Now, let’s pause for a moment and remember where we are. Churchill is a town of about 800 year-round residents. It does not have an appliance store. Helen seems confident she can track one down from a fellow resident. She picks up the phone, which is basically smoking at this point given how much it’s been used today.

Mike calls the pilot and tells him not to leave for Dymond with his load of groceries and supplies until Mike can a) track down a new washing machine, and b) get it to the airport. Within minutes, success! Helen tracks down a brand-new machine that someone brought up as a spare.

Mike leaves. Helen leaves. Helen returns. Helen leaves. Helen returns.

Arctic foxes playing at Seal River Heritage Lodge. Photo by Churchill Wild photo leader George Turner.
“You answer the phone, and I’ll go to the store.” Photo by Churchill Wild photo leader George Turner.

Finally! A task for me! Allison calls to say our chef at Seal River Heritage Lodge needs deodorant and she doesn’t have time to make the stop. Off I go to the Northern Store. I’ve never been so excited about deodorant.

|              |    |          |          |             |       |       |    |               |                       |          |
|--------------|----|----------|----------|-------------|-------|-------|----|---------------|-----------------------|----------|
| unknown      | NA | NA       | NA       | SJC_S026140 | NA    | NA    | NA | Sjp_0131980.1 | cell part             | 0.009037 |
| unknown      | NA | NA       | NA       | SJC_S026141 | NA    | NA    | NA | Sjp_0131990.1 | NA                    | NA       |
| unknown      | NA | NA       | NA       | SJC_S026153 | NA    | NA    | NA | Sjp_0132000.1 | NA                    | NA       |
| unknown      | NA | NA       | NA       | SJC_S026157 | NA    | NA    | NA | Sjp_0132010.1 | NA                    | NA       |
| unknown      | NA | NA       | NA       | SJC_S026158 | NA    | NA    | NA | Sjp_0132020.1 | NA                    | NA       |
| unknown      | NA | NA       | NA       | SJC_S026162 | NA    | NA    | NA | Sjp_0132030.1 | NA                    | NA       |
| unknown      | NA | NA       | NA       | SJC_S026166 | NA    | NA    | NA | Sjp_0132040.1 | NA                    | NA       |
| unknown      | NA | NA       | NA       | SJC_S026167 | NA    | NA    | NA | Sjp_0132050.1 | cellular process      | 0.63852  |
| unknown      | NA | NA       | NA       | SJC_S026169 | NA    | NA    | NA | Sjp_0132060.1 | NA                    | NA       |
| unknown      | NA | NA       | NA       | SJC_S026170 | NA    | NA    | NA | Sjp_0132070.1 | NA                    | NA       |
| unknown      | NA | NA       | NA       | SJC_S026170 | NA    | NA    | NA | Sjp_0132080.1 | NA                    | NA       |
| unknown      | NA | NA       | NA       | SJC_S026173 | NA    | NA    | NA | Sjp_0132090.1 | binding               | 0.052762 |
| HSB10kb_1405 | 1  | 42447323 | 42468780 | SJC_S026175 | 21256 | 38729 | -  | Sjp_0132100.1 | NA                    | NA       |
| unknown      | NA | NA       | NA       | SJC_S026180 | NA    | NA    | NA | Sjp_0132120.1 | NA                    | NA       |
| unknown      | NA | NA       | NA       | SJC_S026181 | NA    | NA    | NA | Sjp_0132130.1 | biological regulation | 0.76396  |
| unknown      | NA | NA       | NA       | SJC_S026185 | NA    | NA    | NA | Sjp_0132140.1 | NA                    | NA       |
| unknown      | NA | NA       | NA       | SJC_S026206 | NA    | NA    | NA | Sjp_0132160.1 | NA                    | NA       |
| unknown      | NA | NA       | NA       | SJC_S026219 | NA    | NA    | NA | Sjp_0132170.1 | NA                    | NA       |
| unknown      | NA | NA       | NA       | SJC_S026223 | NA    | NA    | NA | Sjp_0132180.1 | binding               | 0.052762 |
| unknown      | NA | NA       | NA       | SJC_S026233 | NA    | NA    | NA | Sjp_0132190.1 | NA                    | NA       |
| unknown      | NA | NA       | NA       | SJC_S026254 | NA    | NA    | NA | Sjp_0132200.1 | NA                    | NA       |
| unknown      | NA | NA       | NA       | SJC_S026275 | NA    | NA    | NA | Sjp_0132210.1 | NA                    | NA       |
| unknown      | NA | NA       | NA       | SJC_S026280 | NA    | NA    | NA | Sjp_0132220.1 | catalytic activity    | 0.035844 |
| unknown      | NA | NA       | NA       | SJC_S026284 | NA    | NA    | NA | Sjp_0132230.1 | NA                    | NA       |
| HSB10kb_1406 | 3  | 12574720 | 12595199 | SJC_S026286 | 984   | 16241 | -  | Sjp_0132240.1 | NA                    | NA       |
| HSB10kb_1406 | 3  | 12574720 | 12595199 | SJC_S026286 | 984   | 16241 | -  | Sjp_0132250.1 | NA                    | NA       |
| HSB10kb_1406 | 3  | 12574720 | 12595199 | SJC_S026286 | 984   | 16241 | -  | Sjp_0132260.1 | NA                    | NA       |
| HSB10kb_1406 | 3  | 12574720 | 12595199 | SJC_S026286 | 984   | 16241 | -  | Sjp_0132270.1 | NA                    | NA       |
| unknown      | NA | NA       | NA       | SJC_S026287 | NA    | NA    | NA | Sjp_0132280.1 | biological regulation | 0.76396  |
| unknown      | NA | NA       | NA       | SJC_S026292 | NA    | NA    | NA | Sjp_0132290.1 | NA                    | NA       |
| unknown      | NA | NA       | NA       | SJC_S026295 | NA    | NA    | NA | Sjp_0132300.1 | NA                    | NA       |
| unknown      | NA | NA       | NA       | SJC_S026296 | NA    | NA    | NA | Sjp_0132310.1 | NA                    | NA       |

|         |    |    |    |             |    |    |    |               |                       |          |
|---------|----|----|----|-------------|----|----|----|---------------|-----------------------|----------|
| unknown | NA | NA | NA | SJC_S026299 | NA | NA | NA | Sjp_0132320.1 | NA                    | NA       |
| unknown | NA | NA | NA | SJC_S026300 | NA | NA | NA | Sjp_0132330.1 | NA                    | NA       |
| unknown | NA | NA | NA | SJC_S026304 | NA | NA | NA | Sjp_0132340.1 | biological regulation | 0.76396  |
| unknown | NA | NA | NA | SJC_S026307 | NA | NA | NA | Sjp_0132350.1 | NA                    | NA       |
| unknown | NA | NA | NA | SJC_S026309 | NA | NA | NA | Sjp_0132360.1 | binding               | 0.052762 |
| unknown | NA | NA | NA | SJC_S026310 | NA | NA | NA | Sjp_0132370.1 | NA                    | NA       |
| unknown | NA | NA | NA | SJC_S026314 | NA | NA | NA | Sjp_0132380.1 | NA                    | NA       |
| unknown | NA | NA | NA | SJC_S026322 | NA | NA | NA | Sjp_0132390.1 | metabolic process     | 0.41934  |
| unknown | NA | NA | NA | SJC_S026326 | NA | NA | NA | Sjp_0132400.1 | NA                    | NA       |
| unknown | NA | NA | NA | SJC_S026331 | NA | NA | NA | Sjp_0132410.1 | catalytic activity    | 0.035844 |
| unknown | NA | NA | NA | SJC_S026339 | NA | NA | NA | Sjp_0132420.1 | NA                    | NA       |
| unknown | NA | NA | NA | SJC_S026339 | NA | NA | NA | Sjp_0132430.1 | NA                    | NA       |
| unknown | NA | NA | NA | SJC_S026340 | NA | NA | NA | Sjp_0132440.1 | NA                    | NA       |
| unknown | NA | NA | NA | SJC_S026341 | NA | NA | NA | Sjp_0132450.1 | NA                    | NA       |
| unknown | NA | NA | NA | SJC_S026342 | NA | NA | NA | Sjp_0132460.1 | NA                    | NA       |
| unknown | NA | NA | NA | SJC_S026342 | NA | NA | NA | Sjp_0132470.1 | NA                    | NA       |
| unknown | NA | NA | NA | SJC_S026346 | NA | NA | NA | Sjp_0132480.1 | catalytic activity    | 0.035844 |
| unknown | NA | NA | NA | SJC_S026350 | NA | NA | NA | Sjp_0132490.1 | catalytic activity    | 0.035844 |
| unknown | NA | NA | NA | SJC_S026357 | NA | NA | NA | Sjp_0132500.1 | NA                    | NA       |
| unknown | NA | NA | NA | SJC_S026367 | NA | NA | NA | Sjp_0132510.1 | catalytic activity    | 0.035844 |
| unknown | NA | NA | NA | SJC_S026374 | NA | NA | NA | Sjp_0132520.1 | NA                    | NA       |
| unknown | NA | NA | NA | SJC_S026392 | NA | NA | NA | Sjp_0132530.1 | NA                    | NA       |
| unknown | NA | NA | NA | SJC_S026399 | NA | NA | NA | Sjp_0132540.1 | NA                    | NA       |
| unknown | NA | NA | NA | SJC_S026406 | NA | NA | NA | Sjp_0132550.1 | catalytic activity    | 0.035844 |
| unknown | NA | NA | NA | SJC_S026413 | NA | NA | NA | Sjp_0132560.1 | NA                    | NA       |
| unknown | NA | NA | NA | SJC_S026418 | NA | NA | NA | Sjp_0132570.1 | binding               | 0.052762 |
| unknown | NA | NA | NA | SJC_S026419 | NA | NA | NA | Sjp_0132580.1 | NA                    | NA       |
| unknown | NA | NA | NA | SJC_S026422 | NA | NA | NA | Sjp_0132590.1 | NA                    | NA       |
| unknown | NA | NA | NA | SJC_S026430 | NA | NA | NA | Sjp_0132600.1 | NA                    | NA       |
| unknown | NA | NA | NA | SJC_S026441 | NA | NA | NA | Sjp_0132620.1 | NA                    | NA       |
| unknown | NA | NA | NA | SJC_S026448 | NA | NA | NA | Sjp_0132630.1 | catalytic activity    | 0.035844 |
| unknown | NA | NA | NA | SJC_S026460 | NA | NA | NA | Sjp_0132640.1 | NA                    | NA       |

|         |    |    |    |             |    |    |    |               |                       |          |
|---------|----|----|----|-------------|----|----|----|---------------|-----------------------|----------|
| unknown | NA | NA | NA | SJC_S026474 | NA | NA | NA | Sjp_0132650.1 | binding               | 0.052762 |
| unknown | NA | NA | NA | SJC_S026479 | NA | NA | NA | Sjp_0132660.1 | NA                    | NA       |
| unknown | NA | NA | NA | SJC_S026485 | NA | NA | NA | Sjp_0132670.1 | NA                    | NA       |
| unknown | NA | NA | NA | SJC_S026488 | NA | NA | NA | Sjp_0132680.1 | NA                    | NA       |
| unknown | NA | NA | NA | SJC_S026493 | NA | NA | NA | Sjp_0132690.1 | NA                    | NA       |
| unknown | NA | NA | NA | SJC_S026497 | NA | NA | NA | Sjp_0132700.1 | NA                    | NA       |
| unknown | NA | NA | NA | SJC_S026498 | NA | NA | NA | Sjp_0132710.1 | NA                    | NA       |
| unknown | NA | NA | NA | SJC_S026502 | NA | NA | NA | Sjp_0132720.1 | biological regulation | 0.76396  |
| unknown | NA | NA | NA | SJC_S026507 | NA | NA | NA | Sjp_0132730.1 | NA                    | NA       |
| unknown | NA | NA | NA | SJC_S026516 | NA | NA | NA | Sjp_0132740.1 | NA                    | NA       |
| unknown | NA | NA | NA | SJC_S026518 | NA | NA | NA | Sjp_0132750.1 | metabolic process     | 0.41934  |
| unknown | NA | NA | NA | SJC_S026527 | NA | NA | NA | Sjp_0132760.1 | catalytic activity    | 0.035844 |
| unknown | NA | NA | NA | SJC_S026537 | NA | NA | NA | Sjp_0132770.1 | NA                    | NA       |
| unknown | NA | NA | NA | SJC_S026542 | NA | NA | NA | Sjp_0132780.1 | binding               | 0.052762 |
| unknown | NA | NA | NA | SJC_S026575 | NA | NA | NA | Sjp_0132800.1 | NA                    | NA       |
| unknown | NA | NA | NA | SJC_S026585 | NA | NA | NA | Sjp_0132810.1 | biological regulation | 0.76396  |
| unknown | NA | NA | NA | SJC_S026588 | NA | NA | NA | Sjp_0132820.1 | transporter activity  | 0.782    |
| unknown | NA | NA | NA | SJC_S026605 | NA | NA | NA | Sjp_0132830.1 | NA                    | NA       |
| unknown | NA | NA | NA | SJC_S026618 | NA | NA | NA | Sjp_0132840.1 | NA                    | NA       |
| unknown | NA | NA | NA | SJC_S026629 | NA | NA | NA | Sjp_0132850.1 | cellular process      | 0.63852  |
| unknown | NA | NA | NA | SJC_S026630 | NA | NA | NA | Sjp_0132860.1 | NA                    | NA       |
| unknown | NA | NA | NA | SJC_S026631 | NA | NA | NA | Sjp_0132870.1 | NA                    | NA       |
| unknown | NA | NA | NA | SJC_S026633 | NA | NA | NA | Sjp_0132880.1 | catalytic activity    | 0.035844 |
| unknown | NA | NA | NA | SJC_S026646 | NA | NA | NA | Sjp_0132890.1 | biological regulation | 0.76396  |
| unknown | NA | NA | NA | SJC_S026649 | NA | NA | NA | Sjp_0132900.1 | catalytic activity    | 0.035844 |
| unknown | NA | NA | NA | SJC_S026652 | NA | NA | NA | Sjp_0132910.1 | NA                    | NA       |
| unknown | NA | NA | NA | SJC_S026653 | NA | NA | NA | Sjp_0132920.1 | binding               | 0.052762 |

As I walk down the main street of Churchill, proud of how useful I’m being, my heads spins at how the last few hours have transpired and how gracefully everyone around me has handled the day’s events. Changeover was supposed to take about three hours and be done by 1:30 p.m. It’s now 6:00 p.m. and, finally, everyone is where they’re supposed to be.

Guests walking out to see polar bears at ground level. Seal River Heritage Lodge. Denae D' Arcy photo.
“Is that a polar bear?” “It is!” Denae D’ Arcy photo.

We do everything we can to give guests a seamless experience. Behind the scenes, things may be falling apart, but we always keep going.  Seeing the look on a guest’s face when they spot a polar bear for the first time or watching them become mesmerized by the northern lights keeps us inspired. I’m excited to head to Seal River Heritage Lodge tomorrow and witness this kind of joy firsthand.

When I get back to the house, things have calmed down. Marie is taking a well-deserved break before prepping dinner and enjoying a glass of wine. Helen is still coming and going, but more infrequently, and at a less frantic pace. The Jenga tower has stabilized, the phone has stopped ringing off the hook and I no longer feel useless.

After all, I did go get that deodorant.

In Part 2 of her Arctic adventure, Vanessa heads to Seal River Heritage Lodge to walk with polar bears. Read the rest of the story herePolar bears, foxes, Arctic hares and more. Canada’s Hudson Bay coast delivers!